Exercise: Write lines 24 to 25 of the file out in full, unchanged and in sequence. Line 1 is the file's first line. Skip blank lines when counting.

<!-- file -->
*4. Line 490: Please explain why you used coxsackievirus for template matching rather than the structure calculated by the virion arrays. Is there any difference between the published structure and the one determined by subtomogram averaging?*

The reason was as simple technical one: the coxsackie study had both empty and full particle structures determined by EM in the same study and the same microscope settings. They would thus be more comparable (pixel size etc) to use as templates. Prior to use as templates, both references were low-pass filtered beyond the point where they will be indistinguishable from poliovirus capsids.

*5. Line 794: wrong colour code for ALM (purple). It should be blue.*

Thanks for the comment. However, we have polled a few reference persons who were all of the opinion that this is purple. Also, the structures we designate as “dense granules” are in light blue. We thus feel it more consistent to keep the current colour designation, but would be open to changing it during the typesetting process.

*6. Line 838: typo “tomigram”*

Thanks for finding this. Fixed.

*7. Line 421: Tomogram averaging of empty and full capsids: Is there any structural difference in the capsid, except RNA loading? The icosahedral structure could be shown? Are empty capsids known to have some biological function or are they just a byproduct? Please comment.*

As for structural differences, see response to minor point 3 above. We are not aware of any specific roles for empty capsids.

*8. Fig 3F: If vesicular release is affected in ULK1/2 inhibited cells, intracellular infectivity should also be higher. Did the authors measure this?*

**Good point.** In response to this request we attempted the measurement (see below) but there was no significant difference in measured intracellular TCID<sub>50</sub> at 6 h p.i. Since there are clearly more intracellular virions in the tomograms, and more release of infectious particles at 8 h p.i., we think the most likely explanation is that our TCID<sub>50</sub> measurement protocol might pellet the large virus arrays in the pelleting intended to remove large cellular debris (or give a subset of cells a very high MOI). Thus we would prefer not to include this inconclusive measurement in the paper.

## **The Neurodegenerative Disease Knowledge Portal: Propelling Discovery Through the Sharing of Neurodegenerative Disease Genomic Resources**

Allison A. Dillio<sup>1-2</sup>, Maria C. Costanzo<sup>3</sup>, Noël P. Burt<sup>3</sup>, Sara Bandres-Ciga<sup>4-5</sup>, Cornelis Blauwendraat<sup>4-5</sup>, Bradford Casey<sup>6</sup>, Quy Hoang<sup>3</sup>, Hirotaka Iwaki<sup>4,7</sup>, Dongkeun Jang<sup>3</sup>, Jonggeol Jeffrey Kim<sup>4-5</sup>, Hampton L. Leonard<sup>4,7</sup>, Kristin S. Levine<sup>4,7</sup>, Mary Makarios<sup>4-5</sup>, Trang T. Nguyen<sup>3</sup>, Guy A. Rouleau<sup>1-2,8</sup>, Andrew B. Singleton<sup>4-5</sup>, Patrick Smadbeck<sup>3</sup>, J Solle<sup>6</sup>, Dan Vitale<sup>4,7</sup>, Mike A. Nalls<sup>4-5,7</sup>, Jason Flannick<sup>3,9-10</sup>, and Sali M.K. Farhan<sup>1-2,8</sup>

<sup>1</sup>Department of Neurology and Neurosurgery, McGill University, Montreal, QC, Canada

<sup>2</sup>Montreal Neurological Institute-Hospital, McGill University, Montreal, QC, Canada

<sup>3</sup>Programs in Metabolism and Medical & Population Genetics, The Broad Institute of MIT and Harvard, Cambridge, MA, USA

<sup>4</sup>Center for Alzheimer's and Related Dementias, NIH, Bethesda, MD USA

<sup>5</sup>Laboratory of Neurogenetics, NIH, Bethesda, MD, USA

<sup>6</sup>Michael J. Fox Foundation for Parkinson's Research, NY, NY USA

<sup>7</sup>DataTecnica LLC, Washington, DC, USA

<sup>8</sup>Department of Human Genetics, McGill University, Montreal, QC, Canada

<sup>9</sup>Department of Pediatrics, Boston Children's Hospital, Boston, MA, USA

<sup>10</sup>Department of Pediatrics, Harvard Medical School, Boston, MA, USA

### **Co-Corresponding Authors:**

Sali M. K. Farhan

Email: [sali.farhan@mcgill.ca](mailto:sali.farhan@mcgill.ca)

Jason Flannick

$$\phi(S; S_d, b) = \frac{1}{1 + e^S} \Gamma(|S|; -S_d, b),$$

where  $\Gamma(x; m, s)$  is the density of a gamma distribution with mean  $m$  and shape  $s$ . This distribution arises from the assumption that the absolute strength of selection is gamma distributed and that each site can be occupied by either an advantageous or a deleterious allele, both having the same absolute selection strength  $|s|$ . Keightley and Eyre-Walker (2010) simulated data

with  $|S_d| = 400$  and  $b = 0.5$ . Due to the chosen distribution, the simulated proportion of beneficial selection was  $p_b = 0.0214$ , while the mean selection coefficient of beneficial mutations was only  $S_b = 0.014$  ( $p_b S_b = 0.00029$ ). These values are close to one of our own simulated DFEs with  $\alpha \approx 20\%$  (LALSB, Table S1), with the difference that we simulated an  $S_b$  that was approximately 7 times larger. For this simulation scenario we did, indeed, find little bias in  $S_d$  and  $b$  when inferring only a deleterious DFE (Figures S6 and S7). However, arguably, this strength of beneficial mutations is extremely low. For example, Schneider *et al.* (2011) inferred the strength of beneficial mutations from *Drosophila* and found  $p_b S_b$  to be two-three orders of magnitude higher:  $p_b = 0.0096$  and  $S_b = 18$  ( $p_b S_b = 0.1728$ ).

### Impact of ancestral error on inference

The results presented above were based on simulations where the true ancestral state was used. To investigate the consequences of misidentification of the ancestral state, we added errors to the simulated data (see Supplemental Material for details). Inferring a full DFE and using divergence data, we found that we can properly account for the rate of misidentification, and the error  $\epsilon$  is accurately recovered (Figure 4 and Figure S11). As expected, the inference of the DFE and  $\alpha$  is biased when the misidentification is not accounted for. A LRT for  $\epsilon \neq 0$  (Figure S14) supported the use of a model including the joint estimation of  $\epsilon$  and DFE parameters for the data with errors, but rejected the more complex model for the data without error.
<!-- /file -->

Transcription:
Sali M. K. Farhan

Email: [sali.farhan@mcgill.ca](mailto:sali.farhan@mcgill.ca)